Note the additional changes in behavior. The 459 bps move from 0.39% to 4.98% represents the single largest bearish move since the inception of the bull market in September 1981, and the MACD oscillator level far exceeded the levels that marked yield highs over the course of the entire bull market.

10-Year Monthly with MACD

After producing the most overbought reading since the 1980s, the oscillator is trying to roll over and displaying a small negative divergence (suggesting lower yields and higher price). While not a definitive roll, it certainly suggests that there is some potential for a meaningful turn.

Monthly 10 Year Note Yield:

The following are several key fundamental points around rates:

  • The defining macro characteristic of the 40-year bull market has been the continual fall in the inflation rate. If that is changing (I believe that it has), the secular bond trend is likely to also change.
  • If the trend in inflation is changing, the negative correlation between bonds and equity that drives 60/40 allocation and risk parity investing is likely to flip and become positive. In other words, bonds and equity would, outside of periods of panic or economic distress, rise and fall together destroying the diversification benefit. This has been the historical norm and I expect that the market will gradually move in that direction.
  • The caveat being: Quantitative easing removed the value proposition from bonds, when equities began to decline in 2022 bonds couldn’t provide a safe haven. They were already far too expensive, particularly in the context of a Federal Reserve aggressively tightening monetary policy. That is no longer the case. Bonds, while still expensive, can again provide a tactical hedge should risk assets or the economy weaken dramatically.
  • At first glance, this seems at odds with the change in correlation discussed above, but it is a difference between the secular tide versus the intermediate wave.
  • Most substantive bond rallies are the result of a crisis that creates a flight-to-quality. In an economy that is overly financialized and levered, rising rates often break the weakest link in the economic chain, creating a new crisis and a subsequent flight to quality rally. While so far, there is little evidence of a systemic crisis, the lagged effect of the rapid increase in rates in an overly financialized system must be top of mind.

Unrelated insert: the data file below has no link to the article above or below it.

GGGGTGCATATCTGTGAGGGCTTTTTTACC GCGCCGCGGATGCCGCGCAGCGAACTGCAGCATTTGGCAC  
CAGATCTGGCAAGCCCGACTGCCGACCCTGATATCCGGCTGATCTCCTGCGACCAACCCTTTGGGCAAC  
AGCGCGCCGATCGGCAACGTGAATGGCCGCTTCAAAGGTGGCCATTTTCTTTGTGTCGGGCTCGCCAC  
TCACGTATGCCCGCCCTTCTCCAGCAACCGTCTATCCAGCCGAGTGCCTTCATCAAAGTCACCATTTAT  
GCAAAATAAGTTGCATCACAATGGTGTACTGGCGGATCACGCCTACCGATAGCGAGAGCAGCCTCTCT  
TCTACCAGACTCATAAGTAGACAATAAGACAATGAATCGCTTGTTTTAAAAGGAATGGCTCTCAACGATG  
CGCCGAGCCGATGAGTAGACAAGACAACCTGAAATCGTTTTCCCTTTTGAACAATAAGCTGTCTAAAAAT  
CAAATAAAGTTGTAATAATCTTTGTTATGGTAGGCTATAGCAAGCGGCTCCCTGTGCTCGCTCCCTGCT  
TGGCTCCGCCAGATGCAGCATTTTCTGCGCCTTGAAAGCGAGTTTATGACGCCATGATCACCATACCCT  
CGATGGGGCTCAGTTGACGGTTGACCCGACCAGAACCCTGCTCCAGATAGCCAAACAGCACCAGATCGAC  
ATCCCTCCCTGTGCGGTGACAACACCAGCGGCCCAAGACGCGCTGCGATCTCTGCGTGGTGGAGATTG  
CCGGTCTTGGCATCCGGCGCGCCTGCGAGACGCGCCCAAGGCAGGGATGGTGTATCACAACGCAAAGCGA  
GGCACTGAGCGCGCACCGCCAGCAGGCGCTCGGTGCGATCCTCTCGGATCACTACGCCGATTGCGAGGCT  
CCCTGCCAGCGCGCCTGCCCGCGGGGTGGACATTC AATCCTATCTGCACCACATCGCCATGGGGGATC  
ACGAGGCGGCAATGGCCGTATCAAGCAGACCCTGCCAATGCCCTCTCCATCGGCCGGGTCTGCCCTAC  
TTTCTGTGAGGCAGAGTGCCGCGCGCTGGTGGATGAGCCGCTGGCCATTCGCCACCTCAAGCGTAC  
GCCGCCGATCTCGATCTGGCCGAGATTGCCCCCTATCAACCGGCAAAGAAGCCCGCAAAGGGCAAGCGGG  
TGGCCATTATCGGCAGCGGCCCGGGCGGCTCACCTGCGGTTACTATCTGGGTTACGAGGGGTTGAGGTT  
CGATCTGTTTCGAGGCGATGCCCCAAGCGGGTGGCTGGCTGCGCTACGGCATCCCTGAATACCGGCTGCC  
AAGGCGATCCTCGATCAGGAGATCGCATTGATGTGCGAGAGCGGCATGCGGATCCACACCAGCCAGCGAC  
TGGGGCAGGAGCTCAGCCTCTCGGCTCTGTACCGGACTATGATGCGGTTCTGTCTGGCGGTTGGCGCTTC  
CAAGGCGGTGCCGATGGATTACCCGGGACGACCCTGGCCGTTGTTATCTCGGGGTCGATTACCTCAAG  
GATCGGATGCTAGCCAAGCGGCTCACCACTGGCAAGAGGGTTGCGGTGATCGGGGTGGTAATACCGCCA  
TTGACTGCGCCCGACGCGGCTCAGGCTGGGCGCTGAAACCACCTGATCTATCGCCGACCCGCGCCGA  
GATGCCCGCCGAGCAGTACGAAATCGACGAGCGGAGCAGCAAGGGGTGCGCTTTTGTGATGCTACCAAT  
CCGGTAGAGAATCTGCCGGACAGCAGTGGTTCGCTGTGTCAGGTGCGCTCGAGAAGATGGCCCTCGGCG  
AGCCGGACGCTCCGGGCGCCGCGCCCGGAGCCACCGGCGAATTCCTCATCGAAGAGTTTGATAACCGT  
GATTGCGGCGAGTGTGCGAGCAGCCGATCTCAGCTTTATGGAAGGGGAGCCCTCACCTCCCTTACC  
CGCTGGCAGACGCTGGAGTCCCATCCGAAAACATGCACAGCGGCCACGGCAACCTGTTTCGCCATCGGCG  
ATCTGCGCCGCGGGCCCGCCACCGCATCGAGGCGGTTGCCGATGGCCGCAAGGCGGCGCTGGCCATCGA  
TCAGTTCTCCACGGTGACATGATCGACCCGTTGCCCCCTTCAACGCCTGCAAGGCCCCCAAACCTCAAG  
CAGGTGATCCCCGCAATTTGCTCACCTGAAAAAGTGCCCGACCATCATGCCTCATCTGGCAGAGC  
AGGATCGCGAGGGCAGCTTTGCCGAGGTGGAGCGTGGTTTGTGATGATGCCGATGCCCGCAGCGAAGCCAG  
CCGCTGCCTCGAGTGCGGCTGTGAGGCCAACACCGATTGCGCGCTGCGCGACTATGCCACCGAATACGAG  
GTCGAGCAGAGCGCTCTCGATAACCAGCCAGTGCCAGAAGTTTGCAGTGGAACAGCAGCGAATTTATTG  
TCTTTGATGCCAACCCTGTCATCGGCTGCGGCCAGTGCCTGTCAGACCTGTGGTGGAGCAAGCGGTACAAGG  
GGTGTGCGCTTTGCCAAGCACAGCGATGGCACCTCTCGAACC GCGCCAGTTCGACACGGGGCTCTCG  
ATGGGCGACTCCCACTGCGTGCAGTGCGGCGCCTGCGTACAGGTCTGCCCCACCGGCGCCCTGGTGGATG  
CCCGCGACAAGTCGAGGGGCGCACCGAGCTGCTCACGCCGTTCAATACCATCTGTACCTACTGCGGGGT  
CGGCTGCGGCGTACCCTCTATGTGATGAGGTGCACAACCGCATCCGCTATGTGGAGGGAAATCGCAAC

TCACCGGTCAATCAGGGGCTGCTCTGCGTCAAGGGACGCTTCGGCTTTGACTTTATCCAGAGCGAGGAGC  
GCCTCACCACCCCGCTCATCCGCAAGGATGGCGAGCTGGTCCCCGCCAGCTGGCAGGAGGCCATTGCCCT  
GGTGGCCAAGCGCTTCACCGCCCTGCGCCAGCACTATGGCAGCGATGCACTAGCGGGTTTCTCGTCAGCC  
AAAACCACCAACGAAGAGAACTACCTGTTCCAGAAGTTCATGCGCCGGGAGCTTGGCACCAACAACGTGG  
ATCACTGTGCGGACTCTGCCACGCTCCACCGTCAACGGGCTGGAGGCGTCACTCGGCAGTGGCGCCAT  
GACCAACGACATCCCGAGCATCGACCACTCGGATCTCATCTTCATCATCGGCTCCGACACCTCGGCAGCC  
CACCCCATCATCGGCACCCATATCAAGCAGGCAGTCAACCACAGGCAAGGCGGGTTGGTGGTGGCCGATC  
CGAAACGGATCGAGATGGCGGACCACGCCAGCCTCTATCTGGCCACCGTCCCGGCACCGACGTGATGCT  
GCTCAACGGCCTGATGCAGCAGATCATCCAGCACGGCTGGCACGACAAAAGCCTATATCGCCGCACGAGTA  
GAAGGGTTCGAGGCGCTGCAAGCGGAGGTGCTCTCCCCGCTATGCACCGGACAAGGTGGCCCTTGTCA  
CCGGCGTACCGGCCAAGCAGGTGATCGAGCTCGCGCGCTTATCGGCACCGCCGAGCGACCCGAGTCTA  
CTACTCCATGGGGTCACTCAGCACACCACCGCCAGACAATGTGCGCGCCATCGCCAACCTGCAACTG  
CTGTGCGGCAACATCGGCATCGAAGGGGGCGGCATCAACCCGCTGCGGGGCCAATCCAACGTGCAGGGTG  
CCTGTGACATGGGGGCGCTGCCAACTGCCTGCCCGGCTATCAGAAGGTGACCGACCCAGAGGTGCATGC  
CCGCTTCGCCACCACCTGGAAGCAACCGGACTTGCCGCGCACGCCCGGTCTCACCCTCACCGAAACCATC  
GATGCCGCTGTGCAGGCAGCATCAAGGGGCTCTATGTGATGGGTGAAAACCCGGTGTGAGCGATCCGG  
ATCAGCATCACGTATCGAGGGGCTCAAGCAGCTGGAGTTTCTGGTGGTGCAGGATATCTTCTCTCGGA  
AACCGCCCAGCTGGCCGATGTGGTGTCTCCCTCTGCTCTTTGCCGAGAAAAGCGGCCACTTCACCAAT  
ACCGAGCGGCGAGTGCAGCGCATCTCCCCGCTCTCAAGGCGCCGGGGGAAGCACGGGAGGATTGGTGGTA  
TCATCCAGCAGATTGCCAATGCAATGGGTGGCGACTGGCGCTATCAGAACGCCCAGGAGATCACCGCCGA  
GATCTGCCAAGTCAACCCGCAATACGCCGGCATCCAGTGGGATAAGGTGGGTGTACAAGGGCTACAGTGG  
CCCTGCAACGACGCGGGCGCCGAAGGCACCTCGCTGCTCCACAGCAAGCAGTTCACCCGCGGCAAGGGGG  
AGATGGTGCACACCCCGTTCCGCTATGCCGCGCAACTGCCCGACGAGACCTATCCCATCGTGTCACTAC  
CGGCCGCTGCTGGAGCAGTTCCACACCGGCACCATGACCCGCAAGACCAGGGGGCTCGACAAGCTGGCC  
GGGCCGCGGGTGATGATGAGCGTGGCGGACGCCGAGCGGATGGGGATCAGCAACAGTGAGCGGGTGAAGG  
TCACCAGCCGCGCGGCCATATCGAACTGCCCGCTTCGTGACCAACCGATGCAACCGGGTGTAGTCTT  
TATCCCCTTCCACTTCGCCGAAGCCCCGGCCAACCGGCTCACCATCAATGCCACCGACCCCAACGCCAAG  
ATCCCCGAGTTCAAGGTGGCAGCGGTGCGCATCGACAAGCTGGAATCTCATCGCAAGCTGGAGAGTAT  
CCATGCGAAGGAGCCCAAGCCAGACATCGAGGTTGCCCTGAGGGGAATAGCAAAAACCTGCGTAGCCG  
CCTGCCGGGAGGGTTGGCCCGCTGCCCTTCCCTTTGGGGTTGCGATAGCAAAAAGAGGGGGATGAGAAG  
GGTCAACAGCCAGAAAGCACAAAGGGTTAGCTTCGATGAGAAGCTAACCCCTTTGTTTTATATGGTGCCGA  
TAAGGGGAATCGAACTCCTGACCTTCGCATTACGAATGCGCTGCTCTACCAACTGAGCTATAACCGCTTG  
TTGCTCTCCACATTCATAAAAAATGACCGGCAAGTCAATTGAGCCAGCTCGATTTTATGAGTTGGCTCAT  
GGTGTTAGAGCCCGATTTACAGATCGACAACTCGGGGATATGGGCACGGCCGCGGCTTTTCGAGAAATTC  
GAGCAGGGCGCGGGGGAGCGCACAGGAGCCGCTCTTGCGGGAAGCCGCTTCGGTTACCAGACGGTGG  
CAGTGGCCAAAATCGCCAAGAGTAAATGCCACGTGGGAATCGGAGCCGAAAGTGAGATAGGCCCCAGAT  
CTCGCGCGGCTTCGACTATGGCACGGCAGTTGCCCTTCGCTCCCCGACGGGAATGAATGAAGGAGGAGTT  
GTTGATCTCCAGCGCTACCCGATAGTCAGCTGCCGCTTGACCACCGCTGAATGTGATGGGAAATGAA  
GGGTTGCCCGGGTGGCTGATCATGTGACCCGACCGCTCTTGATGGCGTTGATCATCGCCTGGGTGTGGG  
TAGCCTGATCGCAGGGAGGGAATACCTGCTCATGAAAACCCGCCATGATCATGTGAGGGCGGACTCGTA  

While there is still more work to be done to confirm the trend change, I believe the bond trend is finally changing as the world moves from the deflationary backdrop of the last several decades to an inflationary backdrop. I will be a much better seller of rallies and bearish technical setups in the weekly/intermediate perspective.

Contributor(s)

Stewart Taylor, CMT

Stewart Taylor is a Vice President, Portfolio Manager and a Senior Fixed Income Trader for the Investment Grade Fixed Income team at Eaton Vance Management in Boston, Massachusetts.  He is also co-portfolio manager of the Eaton Vance Short Term Real Return Fund...

ESG and SRI: Using Technical Analysis

Back in the day (and to me, that means the mid-2000’s) when I was 4+ years into my career, I had a new client ask if I managed “Socially Responsible” portfolio models.

First off, I hadn’t even heard of them, but I simply answered, “I don’t… but for you, I can.”

So, I looked into it, did some reading, and what I learned was that Socially Responsible Investing came in a few different versions back then.  There were some mutual funds that avoided “sin” stocks (such as cigarettes, tobacco, and pornography), other funds were more religious-based in nature, but there weren’t a lot of them to choose from.

Still, I built a portfolio for this client and in the first few years, they stuck with it.  A couple years later, the lag in performance caused them to want to move half of their money to a more “traditional” portfolio model, and within a total of maybe 6-7 years, they had completely exited the SRI model and I closed it down.

Today, however, there are way more options to choose from, and not only are the options vast, but there are also a lot of ETFs available that are much lower-cost than the old mutual funds that are still out there today.  If that wasn’t good enough, the concept of SRI got a new name, and the industry started calling it Environmental, Social, & Governance (or ESG for short).

Fast forward a few more years and again, we had a new client reach out and ask if this was something we did, but this time, there were so many more options to pick from, so I built another ESG/SRI model and the back-testing came in much better than the lagging performance we experienced from the old mutual fund models.

Just for fun, let’s start with answering the questions, “Are mutual funds better than ETFs or Stocks?”